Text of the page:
MUSCATINE, Iowa—A new chapter in Muscatine’s pearl button history opened Jan. 17 when Preservation Iowa named the Fairport Fish Hatchery’s pump house to its 2020 Most Endangered Properties list. The designation will allow for a variety of new conservation efforts to move forward.
Terry Eagle, Director of the National Pearl Button Museum @ History and Industry Center and member of the Mussels of Muscatine conservation organization first learned about the pump house’s significance last year. While touring the hatchery, Eagle found out the site originally opened as a federally run biological station operated to propagate mussels for use in the pearl button making industry. After the fish hatchery became a Department of Natural Resources property and its focus shifted, the DNR replaced all the original biological station buildings with new ones better suited to their purposes, except for the pump house. Several years ago, water damage to the walls led hatchery staff to abandon it all together and begin planning to demolish it.
When Eagle learned of these plans, he wanted to save the pump house to preserve its history and use it to support future conservation efforts. “You have to learn from history,” he stressed. “If you tear it down and cover it up, you’ll forget about it and make the same mistakes again.”
Eagle reached out to Conservation Iowa and began working with them to have the pump house added to their list of Most Endangered Properties. Eagle felt elated when he got word Friday that Conservation Iowa had moved forward to help save it.
With the support of Conservation Iowa and the members of Mussels of Muscatine (the City of Muscatine, National Pearl Button Museum, the Nature Conservancy and the Iowa DNR) Eagle has big plans for restoring and repurposing the pump house. Initially, the pump house will need work to stabilize its walls, damaged by years of gutter leaks.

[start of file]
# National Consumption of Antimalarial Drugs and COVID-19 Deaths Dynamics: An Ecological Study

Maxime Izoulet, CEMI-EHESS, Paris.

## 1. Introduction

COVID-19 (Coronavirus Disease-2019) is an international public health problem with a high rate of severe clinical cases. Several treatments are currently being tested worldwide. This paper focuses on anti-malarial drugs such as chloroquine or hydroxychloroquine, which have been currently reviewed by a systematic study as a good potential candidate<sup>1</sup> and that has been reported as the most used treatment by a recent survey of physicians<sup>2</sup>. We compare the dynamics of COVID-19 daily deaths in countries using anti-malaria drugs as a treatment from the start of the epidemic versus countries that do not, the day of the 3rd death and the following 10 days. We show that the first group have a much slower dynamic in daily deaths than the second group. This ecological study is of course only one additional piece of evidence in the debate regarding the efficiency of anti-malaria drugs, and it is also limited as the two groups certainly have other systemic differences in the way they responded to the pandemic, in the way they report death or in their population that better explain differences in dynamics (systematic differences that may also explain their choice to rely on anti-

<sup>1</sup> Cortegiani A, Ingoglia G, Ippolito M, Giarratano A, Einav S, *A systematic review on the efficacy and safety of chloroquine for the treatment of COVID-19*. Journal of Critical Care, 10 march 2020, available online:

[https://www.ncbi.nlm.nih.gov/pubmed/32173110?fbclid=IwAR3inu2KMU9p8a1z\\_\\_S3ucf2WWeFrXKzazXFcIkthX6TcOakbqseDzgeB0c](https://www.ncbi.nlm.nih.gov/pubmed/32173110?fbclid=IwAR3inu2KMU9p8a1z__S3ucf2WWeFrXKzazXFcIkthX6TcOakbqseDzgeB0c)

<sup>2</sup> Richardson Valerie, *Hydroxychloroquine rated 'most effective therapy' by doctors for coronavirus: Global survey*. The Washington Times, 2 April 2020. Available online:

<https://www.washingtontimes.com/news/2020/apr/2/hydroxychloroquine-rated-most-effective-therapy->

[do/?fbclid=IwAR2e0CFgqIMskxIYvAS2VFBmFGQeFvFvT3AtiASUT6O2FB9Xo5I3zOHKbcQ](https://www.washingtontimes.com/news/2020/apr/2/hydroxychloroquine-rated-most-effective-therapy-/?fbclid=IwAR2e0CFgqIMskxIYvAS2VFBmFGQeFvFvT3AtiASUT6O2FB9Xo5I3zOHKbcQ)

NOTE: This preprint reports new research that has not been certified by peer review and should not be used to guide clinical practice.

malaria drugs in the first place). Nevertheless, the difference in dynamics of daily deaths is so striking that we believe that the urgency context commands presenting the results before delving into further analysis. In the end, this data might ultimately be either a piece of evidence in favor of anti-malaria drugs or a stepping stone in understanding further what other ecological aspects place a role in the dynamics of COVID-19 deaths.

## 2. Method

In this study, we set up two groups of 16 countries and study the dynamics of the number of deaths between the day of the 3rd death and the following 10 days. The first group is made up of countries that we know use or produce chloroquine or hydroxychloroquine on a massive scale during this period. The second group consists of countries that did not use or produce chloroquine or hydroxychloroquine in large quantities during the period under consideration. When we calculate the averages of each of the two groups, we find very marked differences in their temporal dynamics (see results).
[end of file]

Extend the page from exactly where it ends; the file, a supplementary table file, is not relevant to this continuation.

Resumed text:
Once restored, Eagle would like to turn the pump house into an interpretive area, curated through a partnership between the hatchery and the National Pearl Button Museum. Through plaques and displays, visitors could see how the fish hatchery started out to propagate mussels and how efforts going on at the fish hatchery work to restore mussel populations today.
Eagle hopes that the restored pump house, along with other pearl button historical sites along Muscatine’s stretch of the Great River Road, could spur tourism, which could raise money to support Mussels of Muscatine’s goal to raise more mussels at the hatchery in the future. “All we’re doing is trying to put Muscatine back on the forefront, not with pearl buttons but with clean water initiatives,” stated Eagle.
Melanie Harkness, a natural resource technician at the hatchery, shared that they have several mussel propagation projects already in process. These include overwintering fish needed for other hatcheries to feed their mussels in the spring, maintaining mussel rearing cages in several locations along the river, and learning how best to propagate common species of mussels. As the mussel propagation program continues to expand in years to come, Harkness looks forward to possibly propagating endangered species of mussels as well. The new conservation efforts at the pump house mark the beginning of making these plans realities.